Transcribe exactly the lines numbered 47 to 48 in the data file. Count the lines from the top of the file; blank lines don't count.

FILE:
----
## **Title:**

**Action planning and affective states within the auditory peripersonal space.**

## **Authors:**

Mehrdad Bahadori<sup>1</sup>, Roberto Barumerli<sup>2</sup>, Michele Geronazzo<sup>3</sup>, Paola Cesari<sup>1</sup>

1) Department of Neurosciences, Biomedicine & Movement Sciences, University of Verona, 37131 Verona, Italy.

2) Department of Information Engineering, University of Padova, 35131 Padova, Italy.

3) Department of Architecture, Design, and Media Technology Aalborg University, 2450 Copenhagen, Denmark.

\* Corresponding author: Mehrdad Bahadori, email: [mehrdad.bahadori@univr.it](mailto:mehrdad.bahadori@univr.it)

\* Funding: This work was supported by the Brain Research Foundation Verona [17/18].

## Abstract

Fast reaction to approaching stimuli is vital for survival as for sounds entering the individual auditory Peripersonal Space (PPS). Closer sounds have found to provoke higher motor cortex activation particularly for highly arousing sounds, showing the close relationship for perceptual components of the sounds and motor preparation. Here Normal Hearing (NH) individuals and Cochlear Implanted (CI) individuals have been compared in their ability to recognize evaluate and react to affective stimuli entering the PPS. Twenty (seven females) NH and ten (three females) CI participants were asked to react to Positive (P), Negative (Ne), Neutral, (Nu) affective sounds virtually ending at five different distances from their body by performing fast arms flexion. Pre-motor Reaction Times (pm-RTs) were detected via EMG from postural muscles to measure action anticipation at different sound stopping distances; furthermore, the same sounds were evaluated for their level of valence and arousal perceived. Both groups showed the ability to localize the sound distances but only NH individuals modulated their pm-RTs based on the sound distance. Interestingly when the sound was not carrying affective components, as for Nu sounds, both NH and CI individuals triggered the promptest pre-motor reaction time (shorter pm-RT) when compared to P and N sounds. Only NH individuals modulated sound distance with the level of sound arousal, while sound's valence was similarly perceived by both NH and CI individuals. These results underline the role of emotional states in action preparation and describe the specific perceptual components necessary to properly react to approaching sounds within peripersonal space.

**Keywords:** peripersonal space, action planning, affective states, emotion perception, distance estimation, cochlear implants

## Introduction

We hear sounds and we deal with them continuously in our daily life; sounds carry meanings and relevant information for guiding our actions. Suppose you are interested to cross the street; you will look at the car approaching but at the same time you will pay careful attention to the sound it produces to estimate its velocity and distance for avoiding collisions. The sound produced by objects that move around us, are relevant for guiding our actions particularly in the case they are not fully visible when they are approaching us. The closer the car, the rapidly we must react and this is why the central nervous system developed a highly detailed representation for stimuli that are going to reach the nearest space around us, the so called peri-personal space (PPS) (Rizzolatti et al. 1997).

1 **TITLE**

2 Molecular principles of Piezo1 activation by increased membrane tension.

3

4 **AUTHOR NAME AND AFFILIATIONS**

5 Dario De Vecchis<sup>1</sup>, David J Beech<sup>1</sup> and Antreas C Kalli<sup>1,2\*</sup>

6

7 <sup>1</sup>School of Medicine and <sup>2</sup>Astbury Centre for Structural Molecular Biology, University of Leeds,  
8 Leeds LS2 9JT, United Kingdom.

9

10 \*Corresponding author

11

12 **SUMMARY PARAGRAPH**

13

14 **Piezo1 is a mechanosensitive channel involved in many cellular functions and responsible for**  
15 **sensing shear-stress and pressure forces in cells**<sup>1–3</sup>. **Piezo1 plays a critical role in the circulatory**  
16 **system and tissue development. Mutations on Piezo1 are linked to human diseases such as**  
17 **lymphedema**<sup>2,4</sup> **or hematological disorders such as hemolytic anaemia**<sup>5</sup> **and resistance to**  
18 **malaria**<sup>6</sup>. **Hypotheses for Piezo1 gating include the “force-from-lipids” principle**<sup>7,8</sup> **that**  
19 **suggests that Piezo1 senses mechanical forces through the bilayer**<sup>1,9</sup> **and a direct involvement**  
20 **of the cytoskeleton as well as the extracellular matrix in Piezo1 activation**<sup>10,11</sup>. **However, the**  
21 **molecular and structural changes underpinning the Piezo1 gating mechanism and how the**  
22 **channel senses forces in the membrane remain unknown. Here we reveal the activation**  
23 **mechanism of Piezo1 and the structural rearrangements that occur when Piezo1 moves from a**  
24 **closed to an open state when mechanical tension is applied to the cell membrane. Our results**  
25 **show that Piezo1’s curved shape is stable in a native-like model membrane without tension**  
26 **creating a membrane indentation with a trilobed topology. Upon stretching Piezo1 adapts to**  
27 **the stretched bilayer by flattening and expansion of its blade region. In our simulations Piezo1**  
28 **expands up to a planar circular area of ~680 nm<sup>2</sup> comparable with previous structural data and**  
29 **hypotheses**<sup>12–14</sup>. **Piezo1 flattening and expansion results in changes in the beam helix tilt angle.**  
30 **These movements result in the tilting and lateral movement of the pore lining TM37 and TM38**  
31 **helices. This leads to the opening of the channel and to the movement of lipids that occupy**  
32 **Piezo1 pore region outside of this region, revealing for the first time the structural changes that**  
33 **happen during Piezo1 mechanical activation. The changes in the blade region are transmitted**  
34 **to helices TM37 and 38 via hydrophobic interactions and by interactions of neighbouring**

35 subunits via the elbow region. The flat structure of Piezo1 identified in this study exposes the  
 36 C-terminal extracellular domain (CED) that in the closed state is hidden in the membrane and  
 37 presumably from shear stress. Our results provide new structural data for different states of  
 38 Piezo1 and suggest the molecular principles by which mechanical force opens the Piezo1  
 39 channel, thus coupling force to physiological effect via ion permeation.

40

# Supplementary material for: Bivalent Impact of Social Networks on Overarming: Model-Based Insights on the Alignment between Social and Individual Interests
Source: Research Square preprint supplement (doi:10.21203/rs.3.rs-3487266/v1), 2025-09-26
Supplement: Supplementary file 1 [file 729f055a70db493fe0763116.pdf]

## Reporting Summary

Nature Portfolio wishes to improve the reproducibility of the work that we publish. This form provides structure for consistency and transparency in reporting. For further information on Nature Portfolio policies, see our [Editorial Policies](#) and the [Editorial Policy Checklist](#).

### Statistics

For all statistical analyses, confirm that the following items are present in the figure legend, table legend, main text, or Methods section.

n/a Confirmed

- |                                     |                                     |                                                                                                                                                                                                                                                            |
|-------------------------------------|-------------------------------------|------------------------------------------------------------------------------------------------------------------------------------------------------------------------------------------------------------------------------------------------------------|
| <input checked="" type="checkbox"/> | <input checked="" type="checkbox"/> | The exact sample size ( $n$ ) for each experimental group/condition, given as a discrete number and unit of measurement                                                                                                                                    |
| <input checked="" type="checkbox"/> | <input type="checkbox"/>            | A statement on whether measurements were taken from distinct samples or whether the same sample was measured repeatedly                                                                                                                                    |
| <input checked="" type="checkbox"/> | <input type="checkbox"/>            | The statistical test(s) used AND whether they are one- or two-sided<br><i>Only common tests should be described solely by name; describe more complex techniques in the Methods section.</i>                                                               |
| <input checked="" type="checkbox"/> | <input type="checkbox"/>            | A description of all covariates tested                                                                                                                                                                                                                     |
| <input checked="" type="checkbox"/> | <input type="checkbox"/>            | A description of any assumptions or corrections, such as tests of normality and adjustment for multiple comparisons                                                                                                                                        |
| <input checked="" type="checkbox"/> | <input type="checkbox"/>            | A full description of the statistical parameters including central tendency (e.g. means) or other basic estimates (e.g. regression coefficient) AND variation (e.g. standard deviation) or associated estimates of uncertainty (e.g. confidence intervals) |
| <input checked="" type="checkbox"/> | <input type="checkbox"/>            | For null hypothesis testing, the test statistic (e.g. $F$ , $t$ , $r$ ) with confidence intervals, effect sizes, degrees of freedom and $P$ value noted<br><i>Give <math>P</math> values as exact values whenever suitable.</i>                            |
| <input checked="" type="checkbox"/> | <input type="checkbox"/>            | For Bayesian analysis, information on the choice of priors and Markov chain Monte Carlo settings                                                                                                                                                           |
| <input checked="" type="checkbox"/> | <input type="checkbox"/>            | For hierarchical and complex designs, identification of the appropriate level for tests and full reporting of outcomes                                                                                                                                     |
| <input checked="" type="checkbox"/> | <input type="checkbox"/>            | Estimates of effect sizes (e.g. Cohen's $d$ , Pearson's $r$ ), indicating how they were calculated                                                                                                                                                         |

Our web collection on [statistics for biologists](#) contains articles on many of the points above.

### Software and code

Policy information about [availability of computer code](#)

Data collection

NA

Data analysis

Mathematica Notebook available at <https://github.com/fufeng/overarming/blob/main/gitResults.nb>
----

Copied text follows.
33 **happen during Piezo1 mechanical activation. The changes in the blade region are transmitted**  
34 **to helices TM37 and 38 via hydrophobic interactions and by interactions of neighbouring**